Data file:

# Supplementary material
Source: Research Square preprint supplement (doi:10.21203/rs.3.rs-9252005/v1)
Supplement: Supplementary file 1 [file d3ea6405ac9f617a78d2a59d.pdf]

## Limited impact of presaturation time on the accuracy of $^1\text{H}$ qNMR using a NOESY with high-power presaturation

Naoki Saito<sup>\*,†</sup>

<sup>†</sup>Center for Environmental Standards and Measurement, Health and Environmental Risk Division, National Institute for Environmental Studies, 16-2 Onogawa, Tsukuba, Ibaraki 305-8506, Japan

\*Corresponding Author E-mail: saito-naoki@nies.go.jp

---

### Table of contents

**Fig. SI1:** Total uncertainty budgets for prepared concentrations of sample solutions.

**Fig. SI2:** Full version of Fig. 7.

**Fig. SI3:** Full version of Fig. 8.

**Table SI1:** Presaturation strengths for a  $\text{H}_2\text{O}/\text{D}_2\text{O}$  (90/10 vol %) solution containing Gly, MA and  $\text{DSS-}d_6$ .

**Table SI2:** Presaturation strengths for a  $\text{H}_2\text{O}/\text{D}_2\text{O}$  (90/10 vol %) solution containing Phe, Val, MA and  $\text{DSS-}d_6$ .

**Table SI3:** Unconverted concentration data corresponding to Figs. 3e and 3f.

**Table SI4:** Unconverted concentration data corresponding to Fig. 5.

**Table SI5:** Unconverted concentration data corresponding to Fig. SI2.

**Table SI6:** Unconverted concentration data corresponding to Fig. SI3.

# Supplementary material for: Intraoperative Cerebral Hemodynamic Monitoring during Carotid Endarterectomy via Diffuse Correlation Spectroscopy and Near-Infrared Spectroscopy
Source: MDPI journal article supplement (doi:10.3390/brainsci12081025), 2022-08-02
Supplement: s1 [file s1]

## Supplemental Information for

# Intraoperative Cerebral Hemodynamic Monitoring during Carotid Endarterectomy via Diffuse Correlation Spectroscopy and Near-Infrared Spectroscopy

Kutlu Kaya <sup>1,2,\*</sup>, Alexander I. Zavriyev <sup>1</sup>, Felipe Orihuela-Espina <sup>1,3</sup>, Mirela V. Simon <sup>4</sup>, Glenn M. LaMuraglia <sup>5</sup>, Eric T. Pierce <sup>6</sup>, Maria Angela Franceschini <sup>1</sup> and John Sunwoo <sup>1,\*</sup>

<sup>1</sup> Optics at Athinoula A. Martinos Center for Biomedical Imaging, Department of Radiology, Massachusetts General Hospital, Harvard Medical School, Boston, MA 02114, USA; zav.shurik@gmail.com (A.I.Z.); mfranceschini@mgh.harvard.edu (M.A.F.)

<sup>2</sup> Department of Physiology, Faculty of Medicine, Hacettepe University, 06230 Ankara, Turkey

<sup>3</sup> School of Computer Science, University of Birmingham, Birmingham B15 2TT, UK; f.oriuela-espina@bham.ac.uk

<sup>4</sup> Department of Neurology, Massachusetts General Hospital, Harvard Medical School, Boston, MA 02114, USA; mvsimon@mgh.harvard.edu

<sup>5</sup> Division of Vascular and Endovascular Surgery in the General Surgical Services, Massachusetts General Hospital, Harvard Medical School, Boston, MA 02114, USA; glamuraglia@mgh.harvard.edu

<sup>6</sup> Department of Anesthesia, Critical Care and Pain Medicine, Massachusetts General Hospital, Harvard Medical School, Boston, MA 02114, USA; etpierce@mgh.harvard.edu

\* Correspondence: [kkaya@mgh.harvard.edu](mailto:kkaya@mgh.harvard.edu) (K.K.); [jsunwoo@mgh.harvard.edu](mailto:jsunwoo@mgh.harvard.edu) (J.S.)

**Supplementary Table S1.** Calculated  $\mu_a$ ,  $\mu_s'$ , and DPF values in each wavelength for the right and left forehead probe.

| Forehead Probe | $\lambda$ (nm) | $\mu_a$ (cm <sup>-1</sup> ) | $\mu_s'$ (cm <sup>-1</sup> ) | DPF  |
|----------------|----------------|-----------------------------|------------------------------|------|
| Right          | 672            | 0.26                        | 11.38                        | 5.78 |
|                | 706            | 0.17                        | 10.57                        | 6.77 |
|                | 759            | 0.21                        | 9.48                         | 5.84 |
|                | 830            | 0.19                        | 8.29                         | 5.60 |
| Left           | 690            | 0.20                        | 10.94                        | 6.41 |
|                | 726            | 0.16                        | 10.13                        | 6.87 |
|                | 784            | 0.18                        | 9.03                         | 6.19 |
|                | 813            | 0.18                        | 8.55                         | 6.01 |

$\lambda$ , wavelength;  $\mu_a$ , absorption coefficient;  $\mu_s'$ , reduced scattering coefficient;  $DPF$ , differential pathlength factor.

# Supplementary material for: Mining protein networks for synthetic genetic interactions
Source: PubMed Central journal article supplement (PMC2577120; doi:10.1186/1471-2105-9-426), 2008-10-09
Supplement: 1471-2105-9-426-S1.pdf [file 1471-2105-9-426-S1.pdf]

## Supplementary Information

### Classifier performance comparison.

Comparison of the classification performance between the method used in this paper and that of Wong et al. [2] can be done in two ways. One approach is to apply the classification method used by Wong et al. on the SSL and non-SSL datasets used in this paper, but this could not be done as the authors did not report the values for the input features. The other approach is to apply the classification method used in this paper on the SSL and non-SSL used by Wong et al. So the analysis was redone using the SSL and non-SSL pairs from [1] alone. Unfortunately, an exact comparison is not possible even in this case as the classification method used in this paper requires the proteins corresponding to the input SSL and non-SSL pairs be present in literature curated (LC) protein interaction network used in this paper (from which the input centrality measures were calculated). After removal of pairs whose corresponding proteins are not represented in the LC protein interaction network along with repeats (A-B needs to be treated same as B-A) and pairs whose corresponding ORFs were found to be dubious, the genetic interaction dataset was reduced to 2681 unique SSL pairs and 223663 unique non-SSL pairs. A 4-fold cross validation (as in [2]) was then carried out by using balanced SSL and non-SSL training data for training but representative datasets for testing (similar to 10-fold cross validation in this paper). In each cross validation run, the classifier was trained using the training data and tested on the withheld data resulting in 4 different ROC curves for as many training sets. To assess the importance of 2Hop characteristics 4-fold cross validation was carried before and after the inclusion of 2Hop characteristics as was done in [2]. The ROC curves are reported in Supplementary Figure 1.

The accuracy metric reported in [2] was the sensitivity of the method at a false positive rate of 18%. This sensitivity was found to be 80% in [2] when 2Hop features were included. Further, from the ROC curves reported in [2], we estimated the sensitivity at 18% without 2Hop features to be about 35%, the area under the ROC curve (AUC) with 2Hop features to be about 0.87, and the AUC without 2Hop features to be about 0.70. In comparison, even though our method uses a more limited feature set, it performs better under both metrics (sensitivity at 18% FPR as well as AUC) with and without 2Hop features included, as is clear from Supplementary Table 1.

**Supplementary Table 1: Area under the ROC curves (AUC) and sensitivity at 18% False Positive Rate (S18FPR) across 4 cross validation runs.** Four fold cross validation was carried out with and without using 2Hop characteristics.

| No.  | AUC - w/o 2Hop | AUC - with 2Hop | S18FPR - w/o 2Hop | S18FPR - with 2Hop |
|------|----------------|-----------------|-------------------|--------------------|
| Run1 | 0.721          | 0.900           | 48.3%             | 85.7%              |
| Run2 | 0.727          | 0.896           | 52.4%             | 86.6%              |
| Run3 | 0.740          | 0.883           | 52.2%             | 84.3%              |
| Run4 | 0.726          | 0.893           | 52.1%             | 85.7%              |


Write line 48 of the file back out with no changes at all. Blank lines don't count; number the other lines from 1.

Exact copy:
### Classifier performance comparison.